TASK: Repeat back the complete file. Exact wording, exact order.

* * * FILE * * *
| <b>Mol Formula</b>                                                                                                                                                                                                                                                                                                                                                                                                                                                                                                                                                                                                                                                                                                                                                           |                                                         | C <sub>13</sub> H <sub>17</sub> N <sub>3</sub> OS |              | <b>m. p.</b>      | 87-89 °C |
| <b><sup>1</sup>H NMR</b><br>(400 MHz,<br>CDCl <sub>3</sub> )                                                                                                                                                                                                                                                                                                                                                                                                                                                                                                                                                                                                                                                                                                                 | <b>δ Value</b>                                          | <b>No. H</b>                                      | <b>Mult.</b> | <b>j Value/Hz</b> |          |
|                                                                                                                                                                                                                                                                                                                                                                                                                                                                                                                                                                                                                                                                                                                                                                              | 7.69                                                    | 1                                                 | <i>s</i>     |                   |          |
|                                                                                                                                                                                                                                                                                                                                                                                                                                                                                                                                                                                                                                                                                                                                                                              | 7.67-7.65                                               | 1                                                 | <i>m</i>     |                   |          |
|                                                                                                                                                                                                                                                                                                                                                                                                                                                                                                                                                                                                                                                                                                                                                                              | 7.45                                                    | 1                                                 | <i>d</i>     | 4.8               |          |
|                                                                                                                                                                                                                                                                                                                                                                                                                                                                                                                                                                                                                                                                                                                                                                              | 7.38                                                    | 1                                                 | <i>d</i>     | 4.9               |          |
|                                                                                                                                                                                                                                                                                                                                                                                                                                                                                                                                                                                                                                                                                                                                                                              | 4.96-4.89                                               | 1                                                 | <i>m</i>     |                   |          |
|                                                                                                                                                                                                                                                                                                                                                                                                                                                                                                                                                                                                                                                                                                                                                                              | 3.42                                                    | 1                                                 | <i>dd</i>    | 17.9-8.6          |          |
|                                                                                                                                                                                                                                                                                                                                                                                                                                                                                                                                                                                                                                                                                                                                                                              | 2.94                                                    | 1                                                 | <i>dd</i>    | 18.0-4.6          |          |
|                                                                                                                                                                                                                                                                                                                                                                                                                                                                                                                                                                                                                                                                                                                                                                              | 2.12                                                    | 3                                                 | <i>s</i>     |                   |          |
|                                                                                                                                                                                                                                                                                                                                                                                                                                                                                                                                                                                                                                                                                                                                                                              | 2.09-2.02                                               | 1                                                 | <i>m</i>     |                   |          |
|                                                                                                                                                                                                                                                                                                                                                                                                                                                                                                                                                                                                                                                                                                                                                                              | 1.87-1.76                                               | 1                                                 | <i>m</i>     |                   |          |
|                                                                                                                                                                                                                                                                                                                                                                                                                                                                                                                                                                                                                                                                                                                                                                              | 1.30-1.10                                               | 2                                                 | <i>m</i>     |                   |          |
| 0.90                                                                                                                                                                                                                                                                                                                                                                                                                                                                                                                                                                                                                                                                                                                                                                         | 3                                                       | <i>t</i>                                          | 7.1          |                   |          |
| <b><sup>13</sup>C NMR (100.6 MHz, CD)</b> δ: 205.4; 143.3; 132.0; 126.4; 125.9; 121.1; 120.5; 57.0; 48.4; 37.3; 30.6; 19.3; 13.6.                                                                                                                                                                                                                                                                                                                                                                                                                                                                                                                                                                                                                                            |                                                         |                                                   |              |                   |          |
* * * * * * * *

| <b>Mol Formula</b>                                                                                                                                                                                                                                                                                                                                                                                                                                                                                                                                                                                                                                                                                                                                                           |                                                         | C <sub>13</sub> H <sub>17</sub> N <sub>3</sub> OS |              | <b>m. p.</b>      | 87-89 °C |
| <b><sup>1</sup>H NMR</b><br>(400 MHz,<br>CDCl <sub>3</sub> )                                                                                                                                                                                                                                                                                                                                                                                                                                                                                                                                                                                                                                                                                                                 | <b>δ Value</b>                                          | <b>No. H</b>                                      | <b>Mult.</b> | <b>j Value/Hz</b> |          |
|                                                                                                                                                                                                                                                                                                                                                                                                                                                                                                                                                                                                                                                                                                                                                                              | 7.69                                                    | 1                                                 | <i>s</i>     |                   |          |
|                                                                                                                                                                                                                                                                                                                                                                                                                                                                                                                                                                                                                                                                                                                                                                              | 7.67-7.65                                               | 1                                                 | <i>m</i>     |                   |          |
|                                                                                                                                                                                                                                                                                                                                                                                                                                                                                                                                                                                                                                                                                                                                                                              | 7.45                                                    | 1                                                 | <i>d</i>     | 4.8               |          |
|                                                                                                                                                                                                                                                                                                                                                                                                                                                                                                                                                                                                                                                                                                                                                                              | 7.38                                                    | 1                                                 | <i>d</i>     | 4.9               |          |
|                                                                                                                                                                                                                                                                                                                                                                                                                                                                                                                                                                                                                                                                                                                                                                              | 4.96-4.89                                               | 1                                                 | <i>m</i>     |                   |          |
|                                                                                                                                                                                                                                                                                                                                                                                                                                                                                                                                                                                                                                                                                                                                                                              | 3.42                                                    | 1                                                 | <i>dd</i>    | 17.9-8.6          |          |
|                                                                                                                                                                                                                                                                                                                                                                                                                                                                                                                                                                                                                                                                                                                                                                              | 2.94                                                    | 1                                                 | <i>dd</i>    | 18.0-4.6          |          |
|                                                                                                                                                                                                                                                                                                                                                                                                                                                                                                                                                                                                                                                                                                                                                                              | 2.12                                                    | 3                                                 | <i>s</i>     |                   |          |
|                                                                                                                                                                                                                                                                                                                                                                                                                                                                                                                                                                                                                                                                                                                                                                              | 2.09-2.02                                               | 1                                                 | <i>m</i>     |                   |          |
|                                                                                                                                                                                                                                                                                                                                                                                                                                                                                                                                                                                                                                                                                                                                                                              | 1.87-1.76                                               | 1                                                 | <i>m</i>     |                   |          |
|                                                                                                                                                                                                                                                                                                                                                                                                                                                                                                                                                                                                                                                                                                                                                                              | 1.30-1.10                                               | 2                                                 | <i>m</i>     |                   |          |
| 0.90                                                                                                                                                                                                                                                                                                                                                                                                                                                                                                                                                                                                                                                                                                                                                                         | 3                                                       | <i>t</i>                                          | 7.1          |                   |          |
| <b><sup>13</sup>C NMR (100.6 MHz, CD)</b> δ: 205.4; 143.3; 132.0; 126.4; 125.9; 121.1; 120.5; 57.0; 48.4; 37.3; 30.6; 19.3; 13.6.                                                                                                                                                                                                                                                                                                                                                                                                                                                                                                                                                                                                                                            |                                                         |                                                   |              |                   |          |